I'm trying to prove the following:

Proposition: A finite group $G$ of order $18$ has a unique subgroup of order $9$.

Here is my attempt:

Observe that $18 = 3^2 \times 2$. Let's count the number of $3$-Sylow subgroups in $G$ (which have order $9$ since $3^2$ appears in the group order). Let $n_3$ denote the number of $3$-Sylow subgroups in $G$. By Sylow's Theorem, $n_3 \equiv 1 \ (\text{mod 3})$ and $n_3 \ | \ 2$. This implies that $n_3 = 1$. Thus, there is a unique $3$-Sylow subgroup of order $9$. By a theorem, this means that there is a single subgroup of order $9$ in $G$.

  • $\begingroup$ Yes, all fine. A straightforward application of Sylow Theorems. Just observe that a Sylow $\;3$ - subgroup of $\;G\;$ has order $\;9\;$ not only because "nine apperas in the group order" (this can be highly confusing), but rather because two is the highest power of three that divides the order of the group. $\endgroup$ – Timbuc Oct 30 '14 at 11:30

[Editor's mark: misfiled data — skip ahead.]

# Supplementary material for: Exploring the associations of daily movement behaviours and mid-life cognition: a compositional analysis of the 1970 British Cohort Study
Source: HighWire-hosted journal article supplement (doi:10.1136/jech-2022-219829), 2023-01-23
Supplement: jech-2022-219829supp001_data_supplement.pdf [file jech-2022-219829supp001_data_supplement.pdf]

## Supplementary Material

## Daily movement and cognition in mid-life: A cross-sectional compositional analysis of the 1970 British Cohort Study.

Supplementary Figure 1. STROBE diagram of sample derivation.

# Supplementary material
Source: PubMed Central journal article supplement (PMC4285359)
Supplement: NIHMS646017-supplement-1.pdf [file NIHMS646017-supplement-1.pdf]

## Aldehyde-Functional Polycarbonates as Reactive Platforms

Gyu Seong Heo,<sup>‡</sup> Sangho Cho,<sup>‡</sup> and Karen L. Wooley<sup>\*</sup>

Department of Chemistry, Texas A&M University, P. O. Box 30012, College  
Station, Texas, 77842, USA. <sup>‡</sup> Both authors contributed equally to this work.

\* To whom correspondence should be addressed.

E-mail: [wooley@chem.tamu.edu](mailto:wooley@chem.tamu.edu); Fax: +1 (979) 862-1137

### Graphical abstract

• $\begingroup$ Is there anything else I need to do to show that the $3$-Sylow subgroup I found is the only subgroup of order $9$ in $G$. This was our midterm problem today, and someone else told me that I didn't do enough to show that this is the only group of order $9$ in $G$. $\endgroup$ – Ryan Oct 30 '14 at 11:37
  • 2
    $\begingroup$ If ...you are allowed to rely on Sylow Theorems then you don't have to do anything else at all, imo. $\endgroup$ – Timbuc Oct 30 '14 at 11:42
  • $\begingroup$ Any $3$-group $\le G$ is contained in some $3$-Sylow group, isn't it? $\endgroup$ – Hagen von Eitzen Oct 30 '14 at 12:25

Without using Sylow's theorem;

Assume we have two $H,K$ with order $9$ then $|HK|=\dfrac{|H||K|}{|H\cap K|}\geq 27> 18$ as $|H\cap K|$ at most $3$. Thus, it is impossible we are done.


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